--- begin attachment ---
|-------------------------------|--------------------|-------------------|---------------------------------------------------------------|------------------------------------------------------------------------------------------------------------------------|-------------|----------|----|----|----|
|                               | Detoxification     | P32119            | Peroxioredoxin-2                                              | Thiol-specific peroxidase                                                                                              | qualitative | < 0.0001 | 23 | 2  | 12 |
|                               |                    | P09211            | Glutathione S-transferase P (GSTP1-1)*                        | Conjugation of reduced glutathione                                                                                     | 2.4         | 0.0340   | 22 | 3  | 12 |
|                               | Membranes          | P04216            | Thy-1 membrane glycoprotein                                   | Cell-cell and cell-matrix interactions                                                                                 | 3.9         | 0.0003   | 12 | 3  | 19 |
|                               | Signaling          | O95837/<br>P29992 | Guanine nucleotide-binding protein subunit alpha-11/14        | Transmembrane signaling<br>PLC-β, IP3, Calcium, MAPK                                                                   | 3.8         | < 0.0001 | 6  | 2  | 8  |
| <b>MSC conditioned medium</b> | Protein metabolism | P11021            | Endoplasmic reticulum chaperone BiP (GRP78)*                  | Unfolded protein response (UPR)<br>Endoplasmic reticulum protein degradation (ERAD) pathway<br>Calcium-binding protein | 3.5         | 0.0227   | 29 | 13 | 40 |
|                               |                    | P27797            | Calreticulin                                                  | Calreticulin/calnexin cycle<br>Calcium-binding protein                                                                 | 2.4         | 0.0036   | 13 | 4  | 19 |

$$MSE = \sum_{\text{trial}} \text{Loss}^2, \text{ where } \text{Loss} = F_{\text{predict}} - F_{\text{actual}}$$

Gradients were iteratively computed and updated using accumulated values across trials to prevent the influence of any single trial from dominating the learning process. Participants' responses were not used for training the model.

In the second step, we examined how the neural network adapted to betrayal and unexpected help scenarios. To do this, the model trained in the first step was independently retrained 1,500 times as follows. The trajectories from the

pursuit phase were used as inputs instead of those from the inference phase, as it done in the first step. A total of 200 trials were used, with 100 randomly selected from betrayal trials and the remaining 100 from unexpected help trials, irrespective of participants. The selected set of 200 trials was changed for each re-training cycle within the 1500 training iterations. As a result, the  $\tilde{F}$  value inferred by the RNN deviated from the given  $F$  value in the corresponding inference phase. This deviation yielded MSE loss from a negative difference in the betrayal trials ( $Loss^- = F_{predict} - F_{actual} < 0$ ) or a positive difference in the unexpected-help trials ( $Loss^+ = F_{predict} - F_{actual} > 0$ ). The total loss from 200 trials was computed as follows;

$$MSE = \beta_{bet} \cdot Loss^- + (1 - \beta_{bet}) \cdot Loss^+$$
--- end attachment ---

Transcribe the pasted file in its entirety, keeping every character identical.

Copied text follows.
|-------------------------------|--------------------|-------------------|---------------------------------------------------------------|------------------------------------------------------------------------------------------------------------------------|-------------|----------|----|----|----|
|                               | Detoxification     | P32119            | Peroxioredoxin-2                                              | Thiol-specific peroxidase                                                                                              | qualitative | < 0.0001 | 23 | 2  | 12 |
|                               |                    | P09211            | Glutathione S-transferase P (GSTP1-1)*                        | Conjugation of reduced glutathione                                                                                     | 2.4         | 0.0340   | 22 | 3  | 12 |
|                               | Membranes          | P04216            | Thy-1 membrane glycoprotein                                   | Cell-cell and cell-matrix interactions                                                                                 | 3.9         | 0.0003   | 12 | 3  | 19 |
|                               | Signaling          | O95837/<br>P29992 | Guanine nucleotide-binding protein subunit alpha-11/14        | Transmembrane signaling<br>PLC-β, IP3, Calcium, MAPK                                                                   | 3.8         | < 0.0001 | 6  | 2  | 8  |
| <b>MSC conditioned medium</b> | Protein metabolism | P11021            | Endoplasmic reticulum chaperone BiP (GRP78)*                  | Unfolded protein response (UPR)<br>Endoplasmic reticulum protein degradation (ERAD) pathway<br>Calcium-binding protein | 3.5         | 0.0227   | 29 | 13 | 40 |
|                               |                    | P27797            | Calreticulin                                                  | Calreticulin/calnexin cycle<br>Calcium-binding protein                                                                 | 2.4         | 0.0036   | 13 | 4  | 19 |

$$MSE = \sum_{\text{trial}} \text{Loss}^2, \text{ where } \text{Loss} = F_{\text{predict}} - F_{\text{actual}}$$

Gradients were iteratively computed and updated using accumulated values across trials to prevent the influence of any single trial from dominating the learning process. Participants' responses were not used for training the model.

In the second step, we examined how the neural network adapted to betrayal and unexpected help scenarios. To do this, the model trained in the first step was independently retrained 1,500 times as follows. The trajectories from the

pursuit phase were used as inputs instead of those from the inference phase, as it done in the first step. A total of 200 trials were used, with 100 randomly selected from betrayal trials and the remaining 100 from unexpected help trials, irrespective of participants. The selected set of 200 trials was changed for each re-training cycle within the 1500 training iterations. As a result, the  $\tilde{F}$  value inferred by the RNN deviated from the given  $F$  value in the corresponding inference phase. This deviation yielded MSE loss from a negative difference in the betrayal trials ( $Loss^- = F_{predict} - F_{actual} < 0$ ) or a positive difference in the unexpected-help trials ( $Loss^+ = F_{predict} - F_{actual} > 0$ ). The total loss from 200 trials was computed as follows;

$$MSE = \beta_{bet} \cdot Loss^- + (1 - \beta_{bet}) \cdot Loss^+$$